inputs: ((name: "In" type: "bytedata"))
        outputs: ((name: "Out" type: "bytedata"))
    links: (
      (from: (node: "Source" socket: "Out") to: (node: "Transform" socket: "In"))
      (from: (node: "Transform" socket: "Out") to: (node: "Target" socket: "In"))


The resulting data after the rules of the tuple has been applied to itself:

  (Node name: "Group1" type: "Group"
    nodes: (
      (Node name: "Source" type: "Value" value: (@bytes (#QUI9PQ==#))
        inputs: ((Socket name: "In" type: "bytedata"))
        outputs: ((Socket name: "Out" type: "bytedata"))
      (Node name: "Transform" type: "Process" data: "some data in text format"
        inputs: ((Socket name: "In" type: "bytedata"))
        outputs: ((Socket name: "Out" type: "bytedata"))
      (Node name: "Target" type: "Value" value: "output"
        inputs: ((Socket name: "In" type: "bytedata"))
        outputs: ((Socket name: "Out" type: "bytedata"))

    links: (
      (Link from: (node: "Source" socket: "Out")
        to: (node: "Transform" socket: "In")
      (Link from: (node: "Transform" socket: "Out")
        to: (node: "Target" socket: "In")

Ideas for extensions

  • Chaining together separate files
  • Nesting separate files with pattern matching variables – like referencing large bytedata and instantiating tuples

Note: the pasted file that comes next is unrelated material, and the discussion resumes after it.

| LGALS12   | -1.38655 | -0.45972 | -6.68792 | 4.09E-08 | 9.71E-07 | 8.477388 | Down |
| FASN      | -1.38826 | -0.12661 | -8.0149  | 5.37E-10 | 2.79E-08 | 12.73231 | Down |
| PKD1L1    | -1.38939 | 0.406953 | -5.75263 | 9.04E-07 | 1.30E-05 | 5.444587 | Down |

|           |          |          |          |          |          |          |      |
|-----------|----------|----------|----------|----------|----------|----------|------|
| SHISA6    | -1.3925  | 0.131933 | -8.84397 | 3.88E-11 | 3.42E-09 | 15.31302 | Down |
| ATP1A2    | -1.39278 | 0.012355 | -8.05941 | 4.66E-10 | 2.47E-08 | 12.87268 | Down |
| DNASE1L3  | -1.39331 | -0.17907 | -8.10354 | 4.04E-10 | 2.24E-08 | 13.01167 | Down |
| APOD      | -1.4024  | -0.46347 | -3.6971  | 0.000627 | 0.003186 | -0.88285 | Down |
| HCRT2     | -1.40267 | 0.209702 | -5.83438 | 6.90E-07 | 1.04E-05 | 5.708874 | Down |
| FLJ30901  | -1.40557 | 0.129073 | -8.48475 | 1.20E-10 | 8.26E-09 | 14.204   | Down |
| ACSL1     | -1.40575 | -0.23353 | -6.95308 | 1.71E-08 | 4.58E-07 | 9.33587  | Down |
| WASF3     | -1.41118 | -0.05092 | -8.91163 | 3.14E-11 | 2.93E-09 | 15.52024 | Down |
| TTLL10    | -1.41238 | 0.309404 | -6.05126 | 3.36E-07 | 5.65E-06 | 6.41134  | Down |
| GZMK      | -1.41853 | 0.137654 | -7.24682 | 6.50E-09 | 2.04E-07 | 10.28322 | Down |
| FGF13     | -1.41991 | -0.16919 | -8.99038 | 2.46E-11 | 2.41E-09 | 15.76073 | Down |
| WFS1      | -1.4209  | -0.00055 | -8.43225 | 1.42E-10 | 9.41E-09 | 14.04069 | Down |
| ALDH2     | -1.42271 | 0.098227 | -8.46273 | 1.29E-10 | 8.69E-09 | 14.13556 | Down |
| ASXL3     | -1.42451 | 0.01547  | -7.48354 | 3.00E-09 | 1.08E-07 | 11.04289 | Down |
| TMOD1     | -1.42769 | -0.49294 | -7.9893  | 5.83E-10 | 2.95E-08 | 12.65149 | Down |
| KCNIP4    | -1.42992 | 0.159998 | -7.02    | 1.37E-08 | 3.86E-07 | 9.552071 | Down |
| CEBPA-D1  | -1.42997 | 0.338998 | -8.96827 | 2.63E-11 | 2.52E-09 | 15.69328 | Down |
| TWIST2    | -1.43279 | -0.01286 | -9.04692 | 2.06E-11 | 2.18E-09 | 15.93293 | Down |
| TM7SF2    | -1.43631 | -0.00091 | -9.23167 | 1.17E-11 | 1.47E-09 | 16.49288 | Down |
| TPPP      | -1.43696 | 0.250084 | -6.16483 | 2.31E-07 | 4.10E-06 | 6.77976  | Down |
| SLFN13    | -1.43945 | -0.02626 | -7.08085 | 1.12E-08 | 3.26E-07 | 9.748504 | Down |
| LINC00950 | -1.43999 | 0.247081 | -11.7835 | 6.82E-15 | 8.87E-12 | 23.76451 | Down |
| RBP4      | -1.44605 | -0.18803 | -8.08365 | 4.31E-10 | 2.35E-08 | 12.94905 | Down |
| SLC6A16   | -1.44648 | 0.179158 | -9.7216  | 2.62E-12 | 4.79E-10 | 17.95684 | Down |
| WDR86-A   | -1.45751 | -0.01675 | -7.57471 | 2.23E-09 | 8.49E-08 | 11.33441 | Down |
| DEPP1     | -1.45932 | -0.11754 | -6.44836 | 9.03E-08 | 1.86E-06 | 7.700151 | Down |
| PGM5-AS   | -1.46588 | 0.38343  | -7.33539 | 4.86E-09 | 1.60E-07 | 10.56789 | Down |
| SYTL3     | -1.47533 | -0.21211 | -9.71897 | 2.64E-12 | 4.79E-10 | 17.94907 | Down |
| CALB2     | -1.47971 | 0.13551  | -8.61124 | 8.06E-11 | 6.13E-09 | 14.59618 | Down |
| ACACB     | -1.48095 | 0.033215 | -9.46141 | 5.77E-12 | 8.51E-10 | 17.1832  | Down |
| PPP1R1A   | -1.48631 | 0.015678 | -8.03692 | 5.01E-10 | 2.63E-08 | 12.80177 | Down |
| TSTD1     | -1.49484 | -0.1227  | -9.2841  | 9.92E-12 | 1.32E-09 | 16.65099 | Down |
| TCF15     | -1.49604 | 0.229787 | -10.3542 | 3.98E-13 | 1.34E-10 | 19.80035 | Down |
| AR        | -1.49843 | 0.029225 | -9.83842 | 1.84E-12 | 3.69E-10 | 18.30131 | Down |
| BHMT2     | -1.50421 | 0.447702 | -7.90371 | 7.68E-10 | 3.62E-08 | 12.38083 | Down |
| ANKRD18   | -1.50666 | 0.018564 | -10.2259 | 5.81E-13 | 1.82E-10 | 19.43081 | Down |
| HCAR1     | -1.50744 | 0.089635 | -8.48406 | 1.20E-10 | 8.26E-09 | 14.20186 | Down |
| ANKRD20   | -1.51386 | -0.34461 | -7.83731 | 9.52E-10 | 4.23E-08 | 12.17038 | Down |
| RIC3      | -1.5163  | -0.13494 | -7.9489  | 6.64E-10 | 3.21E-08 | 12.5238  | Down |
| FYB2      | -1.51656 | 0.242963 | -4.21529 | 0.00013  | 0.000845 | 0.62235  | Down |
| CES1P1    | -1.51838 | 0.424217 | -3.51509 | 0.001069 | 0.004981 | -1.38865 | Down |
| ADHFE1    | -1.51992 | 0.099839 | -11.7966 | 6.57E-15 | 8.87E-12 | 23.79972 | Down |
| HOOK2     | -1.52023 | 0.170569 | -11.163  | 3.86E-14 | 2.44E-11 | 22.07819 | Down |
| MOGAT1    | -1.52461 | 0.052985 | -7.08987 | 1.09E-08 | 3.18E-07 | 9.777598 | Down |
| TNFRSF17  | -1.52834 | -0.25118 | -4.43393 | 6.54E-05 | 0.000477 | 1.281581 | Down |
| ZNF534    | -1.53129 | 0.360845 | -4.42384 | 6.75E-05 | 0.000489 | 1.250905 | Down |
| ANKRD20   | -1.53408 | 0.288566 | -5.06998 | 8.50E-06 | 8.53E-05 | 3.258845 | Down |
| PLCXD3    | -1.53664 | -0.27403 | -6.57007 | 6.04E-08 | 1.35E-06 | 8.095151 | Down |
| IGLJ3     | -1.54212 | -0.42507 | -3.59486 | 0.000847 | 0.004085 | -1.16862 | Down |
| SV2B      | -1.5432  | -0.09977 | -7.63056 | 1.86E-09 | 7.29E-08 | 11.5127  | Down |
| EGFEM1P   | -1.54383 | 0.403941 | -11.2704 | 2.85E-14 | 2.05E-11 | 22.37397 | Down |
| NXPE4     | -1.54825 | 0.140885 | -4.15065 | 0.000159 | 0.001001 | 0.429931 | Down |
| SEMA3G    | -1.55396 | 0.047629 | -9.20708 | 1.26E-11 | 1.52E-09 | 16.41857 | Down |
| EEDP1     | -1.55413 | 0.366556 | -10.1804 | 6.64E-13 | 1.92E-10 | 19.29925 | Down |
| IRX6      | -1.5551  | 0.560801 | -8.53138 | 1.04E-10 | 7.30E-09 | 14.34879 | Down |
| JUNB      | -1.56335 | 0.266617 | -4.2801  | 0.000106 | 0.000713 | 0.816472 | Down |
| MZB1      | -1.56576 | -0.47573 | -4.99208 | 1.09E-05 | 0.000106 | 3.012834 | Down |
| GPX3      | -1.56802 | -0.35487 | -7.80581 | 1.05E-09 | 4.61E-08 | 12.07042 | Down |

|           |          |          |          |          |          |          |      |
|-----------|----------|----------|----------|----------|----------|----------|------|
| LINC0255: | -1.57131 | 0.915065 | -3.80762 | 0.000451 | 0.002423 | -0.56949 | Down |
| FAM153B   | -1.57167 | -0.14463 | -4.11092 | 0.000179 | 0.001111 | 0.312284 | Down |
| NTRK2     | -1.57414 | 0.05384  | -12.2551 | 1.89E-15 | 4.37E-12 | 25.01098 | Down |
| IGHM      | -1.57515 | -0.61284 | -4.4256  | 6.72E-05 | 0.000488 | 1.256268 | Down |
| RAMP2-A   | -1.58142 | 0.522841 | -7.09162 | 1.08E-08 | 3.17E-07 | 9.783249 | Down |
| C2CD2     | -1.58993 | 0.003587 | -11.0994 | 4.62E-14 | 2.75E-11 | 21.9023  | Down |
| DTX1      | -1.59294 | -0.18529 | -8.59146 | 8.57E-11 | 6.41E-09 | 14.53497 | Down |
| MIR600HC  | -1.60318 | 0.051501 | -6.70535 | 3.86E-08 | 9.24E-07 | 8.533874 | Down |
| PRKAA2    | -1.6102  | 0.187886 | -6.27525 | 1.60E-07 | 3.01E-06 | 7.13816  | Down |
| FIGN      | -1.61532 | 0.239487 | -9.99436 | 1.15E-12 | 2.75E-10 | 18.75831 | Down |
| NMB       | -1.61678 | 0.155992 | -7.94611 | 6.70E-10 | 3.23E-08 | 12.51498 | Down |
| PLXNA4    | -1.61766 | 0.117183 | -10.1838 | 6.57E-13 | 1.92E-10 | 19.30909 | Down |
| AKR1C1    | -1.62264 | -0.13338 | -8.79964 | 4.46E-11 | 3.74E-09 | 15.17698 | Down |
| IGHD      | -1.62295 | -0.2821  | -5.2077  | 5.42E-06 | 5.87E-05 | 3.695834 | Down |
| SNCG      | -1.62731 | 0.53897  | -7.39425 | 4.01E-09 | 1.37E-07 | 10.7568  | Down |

• Use separate files for validation, update and typing of data
  • Pattern matching bits, will maybe complicate the format too much


  1. I was aware of the name YAML but I’ve never used it. It looks a little more serious than what I scribbled down and it’s easy to see I’ve replicated stuff like datatypes, casting, binary-data and referenced data. YAML also seems to have class-like instancing? That’s stuff I miss in XML where you instead see ugly solutions using namespaces or wrapped tags. One thing I do like about XML is that grouped stuff is named and you can collapse the structure in an editor. JSON, which apparently is also a subset of YAML, I don’t find so easy to understand or edit, but from what I gather it’s mostly a data-serialization format. The only stuff I think is interesting with regards to what I posted is the pattern matching stuff by matching against structure and type, but it got some flaws and limitations so I’m obviously not a competent language designer. It’s fun though to experiment with and searching for XML alternatives shows I’m not alone. :)